Chris Hawtin's paintings centre around technological acceleration; the characteristic which defines our times. His paintings, such as Cloak and Veil, 2011, portray amorphous figures born out of the psyche of science fiction. Setting these protagonists against landscapes reminiscent of the Dutch 17th century painter Aelbert Cuyp, they suggest the remains of a time past and aspects of a future in collision. Through the de-territorialisation of these Alien- or Predator-like figures, Chris Hawtin asks the viewer to question our relationship to landscape in this technological era and how the notion of landscape itself has become fictionalised through the proliferation of global media, cinema and virtual environments.

Julian Grater graduated MA in Fine Art, Chelsea School of Art in 1985. Recent exhibitions have included: Biomarkers, selected works from The Lichen Factor (Oxford University Museum of Natural History) 2005, selected drawings from The Lichen Factor (Banff Centre for the Arts, Alberta, Canada) 2006 and selected paintings from The Lichen Factor (Sarah Myerscough Fine Art, London) 2009/10. Grater has participated in a number of international residency programmes at the Banff Centre and the University of Fairbanks, Alaska, under the auspices of Arts Council England funding and has been the recipient of a number of travel and research awards including The Rootstein Hopkins Foundation.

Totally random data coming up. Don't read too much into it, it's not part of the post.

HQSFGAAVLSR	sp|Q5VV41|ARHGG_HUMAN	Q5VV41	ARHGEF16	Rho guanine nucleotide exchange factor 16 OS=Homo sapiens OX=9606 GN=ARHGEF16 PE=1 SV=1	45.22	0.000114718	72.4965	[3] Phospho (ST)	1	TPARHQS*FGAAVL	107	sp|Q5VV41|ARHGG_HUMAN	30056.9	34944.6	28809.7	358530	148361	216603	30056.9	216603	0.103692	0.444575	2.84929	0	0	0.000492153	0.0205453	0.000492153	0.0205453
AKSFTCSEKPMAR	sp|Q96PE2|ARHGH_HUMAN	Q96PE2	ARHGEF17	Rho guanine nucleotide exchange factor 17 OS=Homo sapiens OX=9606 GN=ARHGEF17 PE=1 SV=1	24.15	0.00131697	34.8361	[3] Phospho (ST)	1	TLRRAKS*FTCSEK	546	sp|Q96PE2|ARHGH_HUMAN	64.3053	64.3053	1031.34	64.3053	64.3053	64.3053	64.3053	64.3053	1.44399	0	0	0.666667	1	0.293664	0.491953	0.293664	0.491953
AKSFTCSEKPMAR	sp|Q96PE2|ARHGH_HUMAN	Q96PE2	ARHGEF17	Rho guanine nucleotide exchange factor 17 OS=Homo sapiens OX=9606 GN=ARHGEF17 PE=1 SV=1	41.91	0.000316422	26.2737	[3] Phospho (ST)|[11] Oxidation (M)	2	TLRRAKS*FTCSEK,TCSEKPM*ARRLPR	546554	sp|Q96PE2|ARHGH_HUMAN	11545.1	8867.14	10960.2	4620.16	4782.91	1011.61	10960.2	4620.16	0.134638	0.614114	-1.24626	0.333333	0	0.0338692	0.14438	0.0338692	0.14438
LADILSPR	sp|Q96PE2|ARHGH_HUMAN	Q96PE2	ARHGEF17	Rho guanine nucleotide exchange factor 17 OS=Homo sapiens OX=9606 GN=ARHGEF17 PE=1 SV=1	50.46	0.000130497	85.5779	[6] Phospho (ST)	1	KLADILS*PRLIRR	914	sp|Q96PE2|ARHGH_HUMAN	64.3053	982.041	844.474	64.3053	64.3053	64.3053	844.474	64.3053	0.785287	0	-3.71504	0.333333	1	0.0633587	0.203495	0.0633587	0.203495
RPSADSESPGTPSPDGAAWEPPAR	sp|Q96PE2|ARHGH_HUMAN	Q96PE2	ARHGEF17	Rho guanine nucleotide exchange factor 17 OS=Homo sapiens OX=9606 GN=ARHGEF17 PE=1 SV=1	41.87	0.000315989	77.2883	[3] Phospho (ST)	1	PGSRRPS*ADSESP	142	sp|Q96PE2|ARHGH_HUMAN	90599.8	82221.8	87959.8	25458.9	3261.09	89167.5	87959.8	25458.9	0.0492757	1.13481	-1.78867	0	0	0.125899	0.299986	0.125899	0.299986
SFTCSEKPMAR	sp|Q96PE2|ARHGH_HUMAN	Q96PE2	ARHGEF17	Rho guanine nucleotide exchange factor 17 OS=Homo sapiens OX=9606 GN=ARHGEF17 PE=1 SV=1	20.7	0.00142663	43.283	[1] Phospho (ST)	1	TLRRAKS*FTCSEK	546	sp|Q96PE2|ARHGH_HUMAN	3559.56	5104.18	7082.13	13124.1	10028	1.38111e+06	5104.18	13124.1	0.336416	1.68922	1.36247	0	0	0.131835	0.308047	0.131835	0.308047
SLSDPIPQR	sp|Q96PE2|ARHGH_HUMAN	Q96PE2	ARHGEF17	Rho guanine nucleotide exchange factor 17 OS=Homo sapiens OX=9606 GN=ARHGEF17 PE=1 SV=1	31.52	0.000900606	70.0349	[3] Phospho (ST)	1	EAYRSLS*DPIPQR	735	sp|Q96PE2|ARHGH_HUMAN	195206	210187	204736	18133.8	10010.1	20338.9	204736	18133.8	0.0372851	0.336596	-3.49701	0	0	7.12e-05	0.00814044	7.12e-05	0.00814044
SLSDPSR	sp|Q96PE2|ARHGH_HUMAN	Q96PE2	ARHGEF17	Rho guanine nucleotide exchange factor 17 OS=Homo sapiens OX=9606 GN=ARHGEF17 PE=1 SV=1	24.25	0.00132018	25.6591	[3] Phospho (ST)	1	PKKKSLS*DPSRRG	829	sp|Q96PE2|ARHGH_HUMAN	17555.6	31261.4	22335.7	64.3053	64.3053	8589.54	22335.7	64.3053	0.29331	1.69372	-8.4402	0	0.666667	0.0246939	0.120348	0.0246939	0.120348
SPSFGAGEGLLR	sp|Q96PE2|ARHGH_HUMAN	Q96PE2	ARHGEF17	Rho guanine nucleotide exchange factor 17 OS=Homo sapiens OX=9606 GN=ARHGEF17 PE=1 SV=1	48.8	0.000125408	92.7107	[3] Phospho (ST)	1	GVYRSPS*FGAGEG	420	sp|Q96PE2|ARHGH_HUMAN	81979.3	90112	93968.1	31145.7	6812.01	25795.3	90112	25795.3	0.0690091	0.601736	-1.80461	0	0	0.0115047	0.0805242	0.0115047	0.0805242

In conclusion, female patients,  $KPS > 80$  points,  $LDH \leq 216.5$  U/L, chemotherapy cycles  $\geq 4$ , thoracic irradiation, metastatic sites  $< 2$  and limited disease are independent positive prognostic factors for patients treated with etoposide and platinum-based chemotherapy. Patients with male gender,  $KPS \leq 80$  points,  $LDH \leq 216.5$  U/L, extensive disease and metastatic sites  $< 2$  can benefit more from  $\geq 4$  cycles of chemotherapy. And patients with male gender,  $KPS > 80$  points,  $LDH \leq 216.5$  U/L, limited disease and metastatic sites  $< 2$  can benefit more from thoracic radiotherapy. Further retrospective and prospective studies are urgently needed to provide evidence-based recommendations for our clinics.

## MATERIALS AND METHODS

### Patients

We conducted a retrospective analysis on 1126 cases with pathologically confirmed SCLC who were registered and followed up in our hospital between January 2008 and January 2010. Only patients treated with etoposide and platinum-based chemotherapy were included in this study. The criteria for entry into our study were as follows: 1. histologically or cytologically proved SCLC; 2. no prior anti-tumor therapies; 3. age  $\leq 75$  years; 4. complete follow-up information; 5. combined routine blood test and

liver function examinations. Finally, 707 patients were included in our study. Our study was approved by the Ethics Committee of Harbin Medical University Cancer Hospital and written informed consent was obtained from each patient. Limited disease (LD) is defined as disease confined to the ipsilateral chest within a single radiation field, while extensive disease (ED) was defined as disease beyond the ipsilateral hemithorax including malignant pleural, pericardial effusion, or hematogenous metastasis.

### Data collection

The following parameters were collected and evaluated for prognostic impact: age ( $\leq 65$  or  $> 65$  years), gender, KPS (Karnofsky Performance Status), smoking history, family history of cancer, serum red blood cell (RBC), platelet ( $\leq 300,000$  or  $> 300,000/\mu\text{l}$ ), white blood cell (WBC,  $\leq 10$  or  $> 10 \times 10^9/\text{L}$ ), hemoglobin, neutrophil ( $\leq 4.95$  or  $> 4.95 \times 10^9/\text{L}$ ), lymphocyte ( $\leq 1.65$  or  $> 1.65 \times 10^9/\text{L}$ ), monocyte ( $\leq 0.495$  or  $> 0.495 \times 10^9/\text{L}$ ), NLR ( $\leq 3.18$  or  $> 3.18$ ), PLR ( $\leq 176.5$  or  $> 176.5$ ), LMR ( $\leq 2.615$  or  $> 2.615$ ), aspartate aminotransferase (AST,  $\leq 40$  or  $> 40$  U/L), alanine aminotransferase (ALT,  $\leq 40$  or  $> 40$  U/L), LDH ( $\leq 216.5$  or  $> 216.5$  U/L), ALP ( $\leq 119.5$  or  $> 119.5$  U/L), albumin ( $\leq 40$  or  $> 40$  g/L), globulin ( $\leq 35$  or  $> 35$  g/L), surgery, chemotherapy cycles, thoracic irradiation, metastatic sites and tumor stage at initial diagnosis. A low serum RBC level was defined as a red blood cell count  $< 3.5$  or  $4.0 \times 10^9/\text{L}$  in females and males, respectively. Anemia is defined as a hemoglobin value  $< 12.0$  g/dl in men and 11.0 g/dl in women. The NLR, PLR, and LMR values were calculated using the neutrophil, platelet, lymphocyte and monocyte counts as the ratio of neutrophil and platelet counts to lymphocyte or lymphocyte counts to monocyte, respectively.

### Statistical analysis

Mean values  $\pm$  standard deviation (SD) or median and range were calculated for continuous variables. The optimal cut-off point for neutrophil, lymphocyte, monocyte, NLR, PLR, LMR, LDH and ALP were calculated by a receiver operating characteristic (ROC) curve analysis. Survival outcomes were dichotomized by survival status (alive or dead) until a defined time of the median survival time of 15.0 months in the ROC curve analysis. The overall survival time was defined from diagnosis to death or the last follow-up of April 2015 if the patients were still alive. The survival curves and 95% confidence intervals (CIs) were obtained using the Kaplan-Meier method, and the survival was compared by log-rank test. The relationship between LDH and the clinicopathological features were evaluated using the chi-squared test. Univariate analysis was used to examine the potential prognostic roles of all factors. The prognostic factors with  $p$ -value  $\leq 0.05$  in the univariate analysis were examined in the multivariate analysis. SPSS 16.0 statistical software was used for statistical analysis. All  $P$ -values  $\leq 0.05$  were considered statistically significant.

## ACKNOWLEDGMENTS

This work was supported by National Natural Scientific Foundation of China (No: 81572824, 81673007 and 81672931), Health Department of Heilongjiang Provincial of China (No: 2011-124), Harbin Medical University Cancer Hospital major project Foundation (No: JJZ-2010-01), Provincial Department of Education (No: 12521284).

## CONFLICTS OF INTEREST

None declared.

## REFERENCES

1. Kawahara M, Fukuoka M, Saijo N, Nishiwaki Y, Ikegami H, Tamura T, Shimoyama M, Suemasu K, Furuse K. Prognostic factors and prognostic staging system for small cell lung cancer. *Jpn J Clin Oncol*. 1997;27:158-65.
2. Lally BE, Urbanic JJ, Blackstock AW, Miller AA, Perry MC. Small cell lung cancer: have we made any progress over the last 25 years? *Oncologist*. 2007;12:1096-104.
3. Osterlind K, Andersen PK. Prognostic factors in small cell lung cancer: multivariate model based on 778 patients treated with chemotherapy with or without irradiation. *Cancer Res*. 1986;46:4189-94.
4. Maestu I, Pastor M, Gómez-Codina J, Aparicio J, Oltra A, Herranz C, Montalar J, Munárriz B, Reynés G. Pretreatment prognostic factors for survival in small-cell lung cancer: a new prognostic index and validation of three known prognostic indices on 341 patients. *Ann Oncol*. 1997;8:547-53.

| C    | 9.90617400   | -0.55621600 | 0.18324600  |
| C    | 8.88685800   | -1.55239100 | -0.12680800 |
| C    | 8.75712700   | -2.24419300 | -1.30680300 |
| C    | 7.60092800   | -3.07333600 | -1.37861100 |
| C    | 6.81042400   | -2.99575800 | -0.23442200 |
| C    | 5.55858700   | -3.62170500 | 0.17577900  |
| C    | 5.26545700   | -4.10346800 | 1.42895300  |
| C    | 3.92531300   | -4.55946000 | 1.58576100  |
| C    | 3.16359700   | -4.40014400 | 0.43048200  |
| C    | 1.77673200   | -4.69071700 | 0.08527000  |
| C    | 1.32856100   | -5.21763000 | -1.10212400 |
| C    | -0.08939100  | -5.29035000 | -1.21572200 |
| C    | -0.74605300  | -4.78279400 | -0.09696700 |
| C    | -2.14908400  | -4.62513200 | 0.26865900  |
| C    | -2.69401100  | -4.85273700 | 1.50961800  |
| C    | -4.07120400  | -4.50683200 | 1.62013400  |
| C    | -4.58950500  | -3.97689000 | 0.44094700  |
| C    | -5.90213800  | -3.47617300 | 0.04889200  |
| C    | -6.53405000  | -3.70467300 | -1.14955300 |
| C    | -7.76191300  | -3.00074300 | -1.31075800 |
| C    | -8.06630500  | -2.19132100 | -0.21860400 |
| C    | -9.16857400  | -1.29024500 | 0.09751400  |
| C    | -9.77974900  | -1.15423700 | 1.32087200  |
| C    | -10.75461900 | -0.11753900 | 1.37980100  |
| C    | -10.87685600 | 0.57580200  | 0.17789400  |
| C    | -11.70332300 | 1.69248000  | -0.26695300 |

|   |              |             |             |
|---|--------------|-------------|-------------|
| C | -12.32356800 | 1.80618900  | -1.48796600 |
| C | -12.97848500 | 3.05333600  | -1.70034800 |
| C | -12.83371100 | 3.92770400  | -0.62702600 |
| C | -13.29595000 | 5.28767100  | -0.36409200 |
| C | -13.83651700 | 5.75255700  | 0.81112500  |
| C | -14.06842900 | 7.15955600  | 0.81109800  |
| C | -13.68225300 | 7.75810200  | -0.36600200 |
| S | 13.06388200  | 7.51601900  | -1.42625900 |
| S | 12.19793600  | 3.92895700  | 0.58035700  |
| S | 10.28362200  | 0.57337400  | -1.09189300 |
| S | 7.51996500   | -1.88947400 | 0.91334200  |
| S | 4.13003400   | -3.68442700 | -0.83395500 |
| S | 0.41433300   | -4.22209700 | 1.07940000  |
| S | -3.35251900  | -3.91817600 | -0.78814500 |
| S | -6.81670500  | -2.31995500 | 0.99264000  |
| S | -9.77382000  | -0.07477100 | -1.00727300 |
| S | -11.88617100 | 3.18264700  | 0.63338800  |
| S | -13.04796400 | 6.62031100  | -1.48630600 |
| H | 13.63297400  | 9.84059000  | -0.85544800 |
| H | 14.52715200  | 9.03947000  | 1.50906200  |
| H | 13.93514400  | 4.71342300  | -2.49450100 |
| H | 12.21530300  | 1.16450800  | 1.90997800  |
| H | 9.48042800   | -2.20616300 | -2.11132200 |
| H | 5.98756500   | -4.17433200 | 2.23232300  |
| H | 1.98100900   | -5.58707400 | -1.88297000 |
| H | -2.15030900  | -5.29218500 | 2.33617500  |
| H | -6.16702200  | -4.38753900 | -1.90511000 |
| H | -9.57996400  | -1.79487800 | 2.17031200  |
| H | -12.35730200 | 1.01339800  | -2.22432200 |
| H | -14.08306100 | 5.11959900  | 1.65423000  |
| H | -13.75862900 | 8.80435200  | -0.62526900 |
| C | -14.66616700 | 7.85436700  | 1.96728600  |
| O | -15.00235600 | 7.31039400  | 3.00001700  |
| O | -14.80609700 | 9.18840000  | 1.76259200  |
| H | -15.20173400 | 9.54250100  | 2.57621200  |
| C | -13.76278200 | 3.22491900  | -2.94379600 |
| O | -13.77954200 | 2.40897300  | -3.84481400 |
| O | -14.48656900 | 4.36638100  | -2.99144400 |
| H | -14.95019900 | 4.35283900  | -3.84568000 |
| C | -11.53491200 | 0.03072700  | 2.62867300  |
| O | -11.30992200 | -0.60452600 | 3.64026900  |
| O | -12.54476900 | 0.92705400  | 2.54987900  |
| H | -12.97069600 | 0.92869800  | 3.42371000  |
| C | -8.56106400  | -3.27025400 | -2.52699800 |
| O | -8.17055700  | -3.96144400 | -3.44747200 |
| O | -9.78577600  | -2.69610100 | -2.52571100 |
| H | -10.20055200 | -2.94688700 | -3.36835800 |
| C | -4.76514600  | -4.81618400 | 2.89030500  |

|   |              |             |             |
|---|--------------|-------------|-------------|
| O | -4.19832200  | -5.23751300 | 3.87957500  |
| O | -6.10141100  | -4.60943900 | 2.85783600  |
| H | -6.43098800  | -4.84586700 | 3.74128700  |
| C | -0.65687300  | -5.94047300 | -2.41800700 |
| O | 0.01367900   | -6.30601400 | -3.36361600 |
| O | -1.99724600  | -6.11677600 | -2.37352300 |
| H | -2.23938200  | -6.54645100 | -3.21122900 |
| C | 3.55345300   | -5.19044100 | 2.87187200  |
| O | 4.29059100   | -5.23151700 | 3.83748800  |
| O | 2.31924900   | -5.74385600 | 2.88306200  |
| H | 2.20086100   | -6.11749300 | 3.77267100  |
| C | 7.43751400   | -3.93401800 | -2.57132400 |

Tom Ormond. Born Derbyshire, UK, 1974. Graduated MA Fine Art, Goldsmiths College, University of London, 2005. Recent exhibitions include: The Future Can Wait (Ellis and Rumley Projects) 2011, Anthology (Charlie Smith Gallery) 2011, Fraternise (curated – Beaconsfield), Marmite Art Prize (The Nunnery), Public Private Paintings (curated – Mu ZEE, Brussels), Make Room: Interventions into the Garman Ryan Collection (curated – New Art Gallery, Walsall), DEPOT (curated – Vulpes Vulpes), Surface Warp Factor (Fieldgate at Aubin Gallery), Circuit Diagram (curated – Cell Project Space), In the Darkest Hour, There Will be Light (curated – Damien Hirst at Serpentine Gallery). Recent solo exhibitions include – Alison Jacques Gallery, London, 2008. Awarded Boise Travel Scholarship 2007. Winner Anthology Art Prize, 2011.

Stewart Gough. Born Leeds, UK. 1977. Graduated MA Fine Art, Goldsmiths College, University of London, 2005. Recent exhibitions include: The Thing is The Thing (ASC Gallery), Electric Sheep (Collyer Bristow Gallery), Stewart Gough – Privet Topiary (The Bunhouse); On Becoming a Gallery – Part Three (Angus Hughes Gallery), Terminator (Camberwell Project Space), DEPOT (curated – Vulpes Vulpes), Surface Warp Factor (Aubin Gallery), Dawnbreakers (John Hansard Gallery), DETOX 2010 (Concrete Allotment Projects).

Chris Hawtin. Born Ely, UK, 1974. BA Hons Fine Art (Painting), Chelsea College of Art and Design 1999. Recent Exhibitions include: Chris Hawtin and Miles Thurlow (Malgras Naudet, Manchester) 2011, Project PIGS Case (Supermarket Art Fair, Stockholm and Studio SKOUZE3, Athens) 2011, Polar Union (Denman Arts, London) 2010. Publications: magazine issue 44, Chris Hawtin, Work and Word, April 2011. David Ryan, Transitions/Abstractions, Music: Red Horses of the Snow – Territories (Flashback records), 2011.

Juan Bolivar is a London based artist / curator. Forbidden Planet is his 20th curated project.